# A to Z of Excel Functions: The GROWTH Function

9 March 2020

*Welcome back to our regular A to Z of Excel Functions blog. Today we look at the GROWTH function. *

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**The GROWTH function**

A window function (also known as an apodization or tapering function) is a mathematical function that has a zero value outside of a chosen interval. Uniform distributions and the bell curve are two such window functions commonly used in statistics.

Exponential smoothing is what’s known as a rule of thumb technique (*i.e.* not strictly accurate) for smoothing time series data using the exponential window function. The aim is to smooth out historical data to predict trends, *etc.*

The aim is to develop a technique to identify what would be next in a series, *i.e. *forecast the future. There are various approaches used:

**Naïve method:**this really does live up to its billing – you simply use the last number in the sequence,*e.g.*the continuation of the series 8, 17, 13, 15, 19, 14, … would be 14, 14, 14, 14, … Hmm, great**Simple average:**only a slightly better idea: here, you use the average of the historical series,*e.g.*for the continuation of the series 8, 17, 13, 15, 19, 14, … would be 14.3, 14.3, 14.3, 14.3, …**Moving average:**now we start to look at smoothing out the trends by taking the average of the last**n**items. For example, if**n**were 3, then the sequence continuation of 8, 17, 13, 15, 19, 14, … would be 16, 16.3, 15.4, 15.9, 15.9, …**Weighted moving average:**the criticism of the moving average is that older periods carry as much weighting as more recent periods, which is often not the case. Therefore, a weighted moving average is a moving average where within the sliding window values are given different weights, typically so that more recent points matter more. For example, instead of selecting a window size, it requires a list of weights (which should add up to 1). As an illustration, if we picked four periods and [0.1, 0.2, 0.3, 0.4] as weights, we would be giving 10%, 20%, 30% and 40% to the last 4 points respectively which would add up to 1 (which is what it would need to do to compute the average).

Therefore the continuation of the series 8, 17, 13, 15, 19, 14, … would be 15.6, 15.7, 15.7, 15.5, 15.6, …

These only go so far. Sometimes, you want to spot non-linear, trends, *e.g. *sales are based on an exponential growth curve. The **GROWTH **function calculates the predicted exponential growth by using existing data. It returns the **y**-values (dependent values) for a series of new **x**-values (independent values) that you specify by using existing **x**-values and **y**-values. Therefore, you may use the **GROWTH** worksheet function to fit an exponential curve to existing **x**-values and **y**-values too.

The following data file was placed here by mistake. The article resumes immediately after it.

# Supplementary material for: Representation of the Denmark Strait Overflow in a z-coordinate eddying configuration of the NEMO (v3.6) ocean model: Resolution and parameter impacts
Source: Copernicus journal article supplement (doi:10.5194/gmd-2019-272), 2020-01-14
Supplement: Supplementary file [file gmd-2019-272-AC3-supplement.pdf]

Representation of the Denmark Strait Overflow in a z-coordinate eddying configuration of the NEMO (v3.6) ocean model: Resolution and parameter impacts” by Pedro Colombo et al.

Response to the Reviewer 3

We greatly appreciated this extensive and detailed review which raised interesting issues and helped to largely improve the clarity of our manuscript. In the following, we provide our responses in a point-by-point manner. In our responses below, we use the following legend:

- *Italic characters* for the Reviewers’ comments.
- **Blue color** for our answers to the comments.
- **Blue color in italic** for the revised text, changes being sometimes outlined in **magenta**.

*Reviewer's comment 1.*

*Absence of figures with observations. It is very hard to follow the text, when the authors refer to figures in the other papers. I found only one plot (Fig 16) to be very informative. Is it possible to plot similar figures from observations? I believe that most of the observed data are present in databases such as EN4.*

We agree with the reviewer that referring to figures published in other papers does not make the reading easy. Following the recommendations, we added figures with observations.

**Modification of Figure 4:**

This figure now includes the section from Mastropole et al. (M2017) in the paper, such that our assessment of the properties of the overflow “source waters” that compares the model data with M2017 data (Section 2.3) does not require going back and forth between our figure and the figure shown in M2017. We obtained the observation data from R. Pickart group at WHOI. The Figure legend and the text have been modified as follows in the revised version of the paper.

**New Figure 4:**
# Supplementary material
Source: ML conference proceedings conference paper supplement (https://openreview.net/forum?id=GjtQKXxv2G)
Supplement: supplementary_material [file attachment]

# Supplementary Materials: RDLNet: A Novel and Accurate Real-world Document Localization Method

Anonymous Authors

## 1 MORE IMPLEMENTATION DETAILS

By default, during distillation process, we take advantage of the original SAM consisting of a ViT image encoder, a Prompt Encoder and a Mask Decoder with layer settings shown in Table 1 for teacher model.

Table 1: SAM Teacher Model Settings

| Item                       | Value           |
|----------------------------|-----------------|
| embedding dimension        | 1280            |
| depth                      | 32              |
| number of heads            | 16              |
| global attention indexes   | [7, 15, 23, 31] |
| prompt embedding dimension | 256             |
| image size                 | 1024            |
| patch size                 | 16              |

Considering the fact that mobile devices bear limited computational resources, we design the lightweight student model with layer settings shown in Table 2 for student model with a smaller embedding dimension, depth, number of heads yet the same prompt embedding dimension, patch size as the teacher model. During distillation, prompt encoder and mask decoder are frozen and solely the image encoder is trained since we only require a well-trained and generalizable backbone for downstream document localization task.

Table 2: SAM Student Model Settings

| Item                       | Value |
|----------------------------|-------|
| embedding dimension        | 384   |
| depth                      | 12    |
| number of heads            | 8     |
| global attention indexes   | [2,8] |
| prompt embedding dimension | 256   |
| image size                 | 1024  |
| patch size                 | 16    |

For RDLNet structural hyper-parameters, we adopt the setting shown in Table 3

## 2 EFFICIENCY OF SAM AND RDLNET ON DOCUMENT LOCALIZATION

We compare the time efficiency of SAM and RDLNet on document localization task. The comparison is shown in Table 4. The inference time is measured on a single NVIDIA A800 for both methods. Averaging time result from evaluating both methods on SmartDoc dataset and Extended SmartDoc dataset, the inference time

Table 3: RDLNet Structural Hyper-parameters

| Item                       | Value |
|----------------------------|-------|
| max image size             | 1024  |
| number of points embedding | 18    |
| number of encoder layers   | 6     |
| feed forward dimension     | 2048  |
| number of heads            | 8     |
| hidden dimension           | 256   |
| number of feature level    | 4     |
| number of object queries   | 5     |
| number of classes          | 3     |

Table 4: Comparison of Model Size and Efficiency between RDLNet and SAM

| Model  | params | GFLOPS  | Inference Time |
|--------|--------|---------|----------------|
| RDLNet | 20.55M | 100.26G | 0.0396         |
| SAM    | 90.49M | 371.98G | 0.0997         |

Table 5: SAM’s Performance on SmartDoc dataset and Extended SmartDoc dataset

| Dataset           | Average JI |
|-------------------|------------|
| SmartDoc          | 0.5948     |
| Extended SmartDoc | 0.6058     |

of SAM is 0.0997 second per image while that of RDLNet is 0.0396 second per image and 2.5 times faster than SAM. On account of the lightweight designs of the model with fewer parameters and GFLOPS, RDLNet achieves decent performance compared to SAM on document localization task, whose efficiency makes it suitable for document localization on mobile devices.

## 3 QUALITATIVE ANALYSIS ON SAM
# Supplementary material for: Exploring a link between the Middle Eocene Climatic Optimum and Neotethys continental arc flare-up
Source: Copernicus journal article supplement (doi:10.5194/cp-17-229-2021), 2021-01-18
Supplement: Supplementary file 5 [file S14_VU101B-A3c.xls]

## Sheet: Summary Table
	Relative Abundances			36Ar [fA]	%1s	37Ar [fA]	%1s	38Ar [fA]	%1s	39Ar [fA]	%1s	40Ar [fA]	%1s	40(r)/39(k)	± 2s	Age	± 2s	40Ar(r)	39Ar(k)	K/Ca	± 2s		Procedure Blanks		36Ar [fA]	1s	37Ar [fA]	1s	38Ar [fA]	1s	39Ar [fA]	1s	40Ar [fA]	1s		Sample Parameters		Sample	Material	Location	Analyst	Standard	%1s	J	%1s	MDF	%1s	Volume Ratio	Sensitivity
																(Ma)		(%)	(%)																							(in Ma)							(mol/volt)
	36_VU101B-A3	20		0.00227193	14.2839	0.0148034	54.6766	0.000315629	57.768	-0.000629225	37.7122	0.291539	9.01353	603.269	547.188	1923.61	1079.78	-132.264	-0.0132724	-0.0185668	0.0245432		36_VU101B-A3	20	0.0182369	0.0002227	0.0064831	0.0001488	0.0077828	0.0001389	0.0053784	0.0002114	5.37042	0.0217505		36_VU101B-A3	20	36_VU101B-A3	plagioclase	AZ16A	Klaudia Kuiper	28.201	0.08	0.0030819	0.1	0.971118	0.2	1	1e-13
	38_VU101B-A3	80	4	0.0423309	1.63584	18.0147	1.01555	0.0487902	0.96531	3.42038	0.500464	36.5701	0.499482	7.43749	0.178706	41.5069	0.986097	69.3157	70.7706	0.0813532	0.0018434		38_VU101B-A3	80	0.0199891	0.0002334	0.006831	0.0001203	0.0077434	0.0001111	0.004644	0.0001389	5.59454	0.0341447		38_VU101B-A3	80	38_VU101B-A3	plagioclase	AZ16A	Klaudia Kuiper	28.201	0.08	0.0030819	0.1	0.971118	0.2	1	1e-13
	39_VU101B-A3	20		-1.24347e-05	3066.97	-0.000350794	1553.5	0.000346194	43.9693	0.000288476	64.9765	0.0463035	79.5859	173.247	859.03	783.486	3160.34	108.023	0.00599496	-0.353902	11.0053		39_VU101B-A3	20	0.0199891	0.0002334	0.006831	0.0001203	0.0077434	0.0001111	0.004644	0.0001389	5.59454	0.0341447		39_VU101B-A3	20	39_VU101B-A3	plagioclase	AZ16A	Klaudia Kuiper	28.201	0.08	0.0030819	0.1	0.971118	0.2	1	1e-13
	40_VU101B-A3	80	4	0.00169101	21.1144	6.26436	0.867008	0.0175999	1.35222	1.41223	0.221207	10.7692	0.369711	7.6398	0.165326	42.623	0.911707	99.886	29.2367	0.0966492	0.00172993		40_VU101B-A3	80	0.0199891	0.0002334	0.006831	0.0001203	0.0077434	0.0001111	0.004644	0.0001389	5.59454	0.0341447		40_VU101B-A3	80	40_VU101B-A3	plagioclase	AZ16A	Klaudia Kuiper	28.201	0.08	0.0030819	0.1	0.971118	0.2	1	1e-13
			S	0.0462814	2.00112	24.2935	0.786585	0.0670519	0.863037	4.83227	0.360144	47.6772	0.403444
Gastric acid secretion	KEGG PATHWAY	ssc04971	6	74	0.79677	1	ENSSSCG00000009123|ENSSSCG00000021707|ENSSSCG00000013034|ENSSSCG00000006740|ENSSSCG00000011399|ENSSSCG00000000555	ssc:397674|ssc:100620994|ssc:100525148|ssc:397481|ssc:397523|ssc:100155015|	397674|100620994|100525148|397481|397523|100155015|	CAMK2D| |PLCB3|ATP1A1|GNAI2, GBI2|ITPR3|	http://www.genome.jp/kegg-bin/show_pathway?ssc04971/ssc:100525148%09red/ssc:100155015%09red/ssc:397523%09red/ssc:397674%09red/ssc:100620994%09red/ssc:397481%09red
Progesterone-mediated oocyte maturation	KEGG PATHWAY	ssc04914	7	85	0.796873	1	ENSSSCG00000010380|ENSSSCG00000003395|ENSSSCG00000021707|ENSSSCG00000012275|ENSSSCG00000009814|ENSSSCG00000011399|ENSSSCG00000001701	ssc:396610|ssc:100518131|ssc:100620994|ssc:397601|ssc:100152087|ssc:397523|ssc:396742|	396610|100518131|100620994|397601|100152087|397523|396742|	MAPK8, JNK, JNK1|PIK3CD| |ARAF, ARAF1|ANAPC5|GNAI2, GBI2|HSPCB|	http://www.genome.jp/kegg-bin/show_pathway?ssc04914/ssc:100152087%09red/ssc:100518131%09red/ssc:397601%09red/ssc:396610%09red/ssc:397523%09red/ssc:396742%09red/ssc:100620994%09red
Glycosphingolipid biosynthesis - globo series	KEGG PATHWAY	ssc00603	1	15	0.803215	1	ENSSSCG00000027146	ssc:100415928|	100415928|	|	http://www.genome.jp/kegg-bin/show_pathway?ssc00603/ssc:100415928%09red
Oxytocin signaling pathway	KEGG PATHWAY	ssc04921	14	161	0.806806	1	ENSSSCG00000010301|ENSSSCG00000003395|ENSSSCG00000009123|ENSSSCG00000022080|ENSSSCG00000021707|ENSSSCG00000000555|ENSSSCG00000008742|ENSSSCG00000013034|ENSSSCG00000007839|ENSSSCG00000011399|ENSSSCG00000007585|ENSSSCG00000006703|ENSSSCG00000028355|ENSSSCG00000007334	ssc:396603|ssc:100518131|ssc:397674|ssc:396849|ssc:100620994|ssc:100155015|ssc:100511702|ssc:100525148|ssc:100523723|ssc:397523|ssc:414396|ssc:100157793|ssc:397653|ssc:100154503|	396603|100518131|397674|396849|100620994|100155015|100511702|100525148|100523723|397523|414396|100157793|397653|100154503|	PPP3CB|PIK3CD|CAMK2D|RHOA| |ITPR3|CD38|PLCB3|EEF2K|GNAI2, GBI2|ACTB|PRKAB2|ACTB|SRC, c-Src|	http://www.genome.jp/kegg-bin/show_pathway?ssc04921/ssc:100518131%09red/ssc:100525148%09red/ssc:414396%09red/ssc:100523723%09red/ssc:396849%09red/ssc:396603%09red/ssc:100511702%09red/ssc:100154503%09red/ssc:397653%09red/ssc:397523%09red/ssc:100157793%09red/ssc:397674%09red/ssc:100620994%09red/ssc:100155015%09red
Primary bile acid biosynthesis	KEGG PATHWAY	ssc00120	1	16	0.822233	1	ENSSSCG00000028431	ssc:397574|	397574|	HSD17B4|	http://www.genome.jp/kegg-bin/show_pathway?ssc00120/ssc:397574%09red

The **GROWTH **function employs the following syntax to operate:

**GROWTH(known_y's, [known_x's], [new_x's], [constant])**

The **GROWTH** function has the following arguments:

**known_y's:**this is required and represents the set of**y**-values you already know in the relationship**y = b*m^x**- if the array
**known_y's**is in a single column, then each column of**known_x's**is interpreted as a separate variable - if the array
**known_y's**is in a single row, then each row of**known_x's**is interpreted as a separate variable - if any of the numbers in
**known_y's**is zero or negative,**GROWTH**returns the*#NUM!*error value

- if the array
**known_x's:**this argument is optional and denotes an optional set of**x**-values that you may already know in the relationship**y = b*m^x**- the array
**known_x's**can include one or more sets of variables. If only one variable is used,**known_y's**and**known_x's**can be ranges of any shape, as long as they have equal dimensions. If more than one variable is used,**known_y's**must be a vector (that is, a range with a height of one row or a width of one column) - if
**known_x's**is omitted, it is assumed to be the array {1,2,3,...} that is the same size as**known_y's**

- the array
**new_x's:**this is optional. These are new x-values for which you want**GROWTH**to return corresponding**y**-values**new_x's**must include a column (or row) for each independent variable, just as**known_x's**does. Therefore, if**known_y's**is in a single column,**known_x's**and**new_x's**must have the same number of columns. If**known_y's**is in a single row,**known_x's**and**new_x's**must have the same number of rows- if
**new_x's**is omitted, it is assumed to be the same as**known_x's** - if both
**known_x's**and**new_x's**are omitted, they are assumed to be the array {1,2,3,...} that is the same size as**known_y's**

**constant:**this is also optional. This represents a logical value specifying whether to force the constant**b**to equal 1- if
**constant**is TRUE or omitted,**b**is calculated normally - if
**constan**t is FALSE,**b**is set equal to 1 and the**m**-values are adjusted so that**y = m^x**.

- if

Further, it should be noted:

- formulae that return arrays must be entered as array formulae after selecting the correct number of cells
- when entering an array constant for an argument such as
**known_x's**, use commas to separate values in the same row and semicolons to separate rows.

Please see my example below:

*We’ll continue our A to Z of Excel Functions soon. Keep checking back – there’s a new blog post every other business day.*

*A full page of the function articles can be found here. *